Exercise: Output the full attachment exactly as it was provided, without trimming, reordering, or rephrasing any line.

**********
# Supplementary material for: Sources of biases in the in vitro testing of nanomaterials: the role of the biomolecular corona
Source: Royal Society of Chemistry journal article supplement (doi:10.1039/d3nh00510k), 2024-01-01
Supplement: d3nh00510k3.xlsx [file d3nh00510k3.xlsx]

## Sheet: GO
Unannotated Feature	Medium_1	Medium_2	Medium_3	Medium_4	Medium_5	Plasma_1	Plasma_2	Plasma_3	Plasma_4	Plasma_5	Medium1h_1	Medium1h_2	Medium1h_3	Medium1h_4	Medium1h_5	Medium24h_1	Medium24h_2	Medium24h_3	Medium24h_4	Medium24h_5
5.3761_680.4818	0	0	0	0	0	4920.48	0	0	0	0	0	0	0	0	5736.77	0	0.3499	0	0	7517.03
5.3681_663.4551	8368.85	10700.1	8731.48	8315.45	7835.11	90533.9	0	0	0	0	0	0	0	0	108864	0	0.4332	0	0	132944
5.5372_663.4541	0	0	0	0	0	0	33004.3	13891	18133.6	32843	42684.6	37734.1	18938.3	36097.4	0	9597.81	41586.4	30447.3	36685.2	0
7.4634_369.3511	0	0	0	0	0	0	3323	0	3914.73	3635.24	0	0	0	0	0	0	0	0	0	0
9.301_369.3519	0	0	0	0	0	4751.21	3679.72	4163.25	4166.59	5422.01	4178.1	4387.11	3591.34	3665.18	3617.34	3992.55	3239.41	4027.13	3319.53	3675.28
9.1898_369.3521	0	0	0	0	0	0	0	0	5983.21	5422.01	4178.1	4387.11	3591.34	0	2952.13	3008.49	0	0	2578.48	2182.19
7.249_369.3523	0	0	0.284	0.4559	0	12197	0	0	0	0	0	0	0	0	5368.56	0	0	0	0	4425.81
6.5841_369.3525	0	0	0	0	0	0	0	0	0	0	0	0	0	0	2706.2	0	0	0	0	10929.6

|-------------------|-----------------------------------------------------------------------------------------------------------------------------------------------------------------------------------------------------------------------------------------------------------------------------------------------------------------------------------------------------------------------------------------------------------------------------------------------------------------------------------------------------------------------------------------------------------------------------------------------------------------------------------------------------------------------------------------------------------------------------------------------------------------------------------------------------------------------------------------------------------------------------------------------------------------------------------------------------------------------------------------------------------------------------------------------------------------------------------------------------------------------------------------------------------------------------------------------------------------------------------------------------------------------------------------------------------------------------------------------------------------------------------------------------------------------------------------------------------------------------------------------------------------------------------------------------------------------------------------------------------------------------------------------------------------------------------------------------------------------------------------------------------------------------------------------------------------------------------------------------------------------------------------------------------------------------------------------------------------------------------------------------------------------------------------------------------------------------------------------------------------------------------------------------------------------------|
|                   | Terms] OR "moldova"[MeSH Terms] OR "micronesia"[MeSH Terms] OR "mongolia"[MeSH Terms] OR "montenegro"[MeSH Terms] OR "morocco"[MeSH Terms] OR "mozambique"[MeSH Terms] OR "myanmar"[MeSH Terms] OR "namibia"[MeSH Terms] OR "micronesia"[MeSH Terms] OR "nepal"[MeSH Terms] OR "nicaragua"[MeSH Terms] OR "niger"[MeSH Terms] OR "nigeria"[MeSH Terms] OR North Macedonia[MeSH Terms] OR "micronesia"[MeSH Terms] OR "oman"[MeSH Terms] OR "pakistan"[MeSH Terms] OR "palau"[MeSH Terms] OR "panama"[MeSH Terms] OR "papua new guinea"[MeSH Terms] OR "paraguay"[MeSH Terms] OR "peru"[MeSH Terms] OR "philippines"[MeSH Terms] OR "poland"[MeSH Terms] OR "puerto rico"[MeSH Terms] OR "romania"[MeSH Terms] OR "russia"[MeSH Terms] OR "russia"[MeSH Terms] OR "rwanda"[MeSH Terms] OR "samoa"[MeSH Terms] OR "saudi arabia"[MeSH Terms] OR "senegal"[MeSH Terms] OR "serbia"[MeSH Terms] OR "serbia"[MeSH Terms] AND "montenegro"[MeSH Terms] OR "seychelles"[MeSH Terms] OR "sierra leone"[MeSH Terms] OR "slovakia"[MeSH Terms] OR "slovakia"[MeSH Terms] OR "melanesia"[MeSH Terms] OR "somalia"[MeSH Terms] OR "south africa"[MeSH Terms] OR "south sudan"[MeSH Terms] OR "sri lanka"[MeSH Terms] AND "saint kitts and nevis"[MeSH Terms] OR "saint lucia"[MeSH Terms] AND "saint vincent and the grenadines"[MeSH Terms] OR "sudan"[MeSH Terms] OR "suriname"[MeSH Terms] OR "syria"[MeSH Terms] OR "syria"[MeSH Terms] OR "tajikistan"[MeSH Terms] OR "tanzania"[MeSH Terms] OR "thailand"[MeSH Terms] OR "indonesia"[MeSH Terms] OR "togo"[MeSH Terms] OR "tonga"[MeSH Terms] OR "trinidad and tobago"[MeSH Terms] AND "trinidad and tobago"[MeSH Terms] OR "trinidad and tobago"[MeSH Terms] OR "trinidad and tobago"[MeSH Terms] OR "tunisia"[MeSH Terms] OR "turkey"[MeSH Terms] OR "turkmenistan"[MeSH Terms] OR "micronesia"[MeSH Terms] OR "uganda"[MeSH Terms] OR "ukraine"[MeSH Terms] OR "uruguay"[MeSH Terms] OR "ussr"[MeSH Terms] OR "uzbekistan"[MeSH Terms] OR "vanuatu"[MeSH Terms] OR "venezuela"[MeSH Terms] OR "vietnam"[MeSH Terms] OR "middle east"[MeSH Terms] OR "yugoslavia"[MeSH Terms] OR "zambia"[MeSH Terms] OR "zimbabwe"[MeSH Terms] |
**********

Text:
# Supplementary material for: Sources of biases in the in vitro testing of nanomaterials: the role of the biomolecular corona
Source: Royal Society of Chemistry journal article supplement (doi:10.1039/d3nh00510k), 2024-01-01
Supplement: d3nh00510k3.xlsx [file d3nh00510k3.xlsx]

## Sheet: GO
Unannotated Feature	Medium_1	Medium_2	Medium_3	Medium_4	Medium_5	Plasma_1	Plasma_2	Plasma_3	Plasma_4	Plasma_5	Medium1h_1	Medium1h_2	Medium1h_3	Medium1h_4	Medium1h_5	Medium24h_1	Medium24h_2	Medium24h_3	Medium24h_4	Medium24h_5
5.3761_680.4818	0	0	0	0	0	4920.48	0	0	0	0	0	0	0	0	5736.77	0	0.3499	0	0	7517.03
5.3681_663.4551	8368.85	10700.1	8731.48	8315.45	7835.11	90533.9	0	0	0	0	0	0	0	0	108864	0	0.4332	0	0	132944
5.5372_663.4541	0	0	0	0	0	0	33004.3	13891	18133.6	32843	42684.6	37734.1	18938.3	36097.4	0	9597.81	41586.4	30447.3	36685.2	0
7.4634_369.3511	0	0	0	0	0	0	3323	0	3914.73	3635.24	0	0	0	0	0	0	0	0	0	0
9.301_369.3519	0	0	0	0	0	4751.21	3679.72	4163.25	4166.59	5422.01	4178.1	4387.11	3591.34	3665.18	3617.34	3992.55	3239.41	4027.13	3319.53	3675.28
9.1898_369.3521	0	0	0	0	0	0	0	0	5983.21	5422.01	4178.1	4387.11	3591.34	0	2952.13	3008.49	0	0	2578.48	2182.19
7.249_369.3523	0	0	0.284	0.4559	0	12197	0	0	0	0	0	0	0	0	5368.56	0	0	0	0	4425.81
6.5841_369.3525	0	0	0	0	0	0	0	0	0	0	0	0	0	0	2706.2	0	0	0	0	10929.6

|-------------------|-----------------------------------------------------------------------------------------------------------------------------------------------------------------------------------------------------------------------------------------------------------------------------------------------------------------------------------------------------------------------------------------------------------------------------------------------------------------------------------------------------------------------------------------------------------------------------------------------------------------------------------------------------------------------------------------------------------------------------------------------------------------------------------------------------------------------------------------------------------------------------------------------------------------------------------------------------------------------------------------------------------------------------------------------------------------------------------------------------------------------------------------------------------------------------------------------------------------------------------------------------------------------------------------------------------------------------------------------------------------------------------------------------------------------------------------------------------------------------------------------------------------------------------------------------------------------------------------------------------------------------------------------------------------------------------------------------------------------------------------------------------------------------------------------------------------------------------------------------------------------------------------------------------------------------------------------------------------------------------------------------------------------------------------------------------------------------------------------------------------------------------------------------------------------------|
|                   | Terms] OR "moldova"[MeSH Terms] OR "micronesia"[MeSH Terms] OR "mongolia"[MeSH Terms] OR "montenegro"[MeSH Terms] OR "morocco"[MeSH Terms] OR "mozambique"[MeSH Terms] OR "myanmar"[MeSH Terms] OR "namibia"[MeSH Terms] OR "micronesia"[MeSH Terms] OR "nepal"[MeSH Terms] OR "nicaragua"[MeSH Terms] OR "niger"[MeSH Terms] OR "nigeria"[MeSH Terms] OR North Macedonia[MeSH Terms] OR "micronesia"[MeSH Terms] OR "oman"[MeSH Terms] OR "pakistan"[MeSH Terms] OR "palau"[MeSH Terms] OR "panama"[MeSH Terms] OR "papua new guinea"[MeSH Terms] OR "paraguay"[MeSH Terms] OR "peru"[MeSH Terms] OR "philippines"[MeSH Terms] OR "poland"[MeSH Terms] OR "puerto rico"[MeSH Terms] OR "romania"[MeSH Terms] OR "russia"[MeSH Terms] OR "russia"[MeSH Terms] OR "rwanda"[MeSH Terms] OR "samoa"[MeSH Terms] OR "saudi arabia"[MeSH Terms] OR "senegal"[MeSH Terms] OR "serbia"[MeSH Terms] OR "serbia"[MeSH Terms] AND "montenegro"[MeSH Terms] OR "seychelles"[MeSH Terms] OR "sierra leone"[MeSH Terms] OR "slovakia"[MeSH Terms] OR "slovakia"[MeSH Terms] OR "melanesia"[MeSH Terms] OR "somalia"[MeSH Terms] OR "south africa"[MeSH Terms] OR "south sudan"[MeSH Terms] OR "sri lanka"[MeSH Terms] AND "saint kitts and nevis"[MeSH Terms] OR "saint lucia"[MeSH Terms] AND "saint vincent and the grenadines"[MeSH Terms] OR "sudan"[MeSH Terms] OR "suriname"[MeSH Terms] OR "syria"[MeSH Terms] OR "syria"[MeSH Terms] OR "tajikistan"[MeSH Terms] OR "tanzania"[MeSH Terms] OR "thailand"[MeSH Terms] OR "indonesia"[MeSH Terms] OR "togo"[MeSH Terms] OR "tonga"[MeSH Terms] OR "trinidad and tobago"[MeSH Terms] AND "trinidad and tobago"[MeSH Terms] OR "trinidad and tobago"[MeSH Terms] OR "trinidad and tobago"[MeSH Terms] OR "tunisia"[MeSH Terms] OR "turkey"[MeSH Terms] OR "turkmenistan"[MeSH Terms] OR "micronesia"[MeSH Terms] OR "uganda"[MeSH Terms] OR "ukraine"[MeSH Terms] OR "uruguay"[MeSH Terms] OR "ussr"[MeSH Terms] OR "uzbekistan"[MeSH Terms] OR "vanuatu"[MeSH Terms] OR "venezuela"[MeSH Terms] OR "vietnam"[MeSH Terms] OR "middle east"[MeSH Terms] OR "yugoslavia"[MeSH Terms] OR "zambia"[MeSH Terms] OR "zimbabwe"[MeSH Terms] |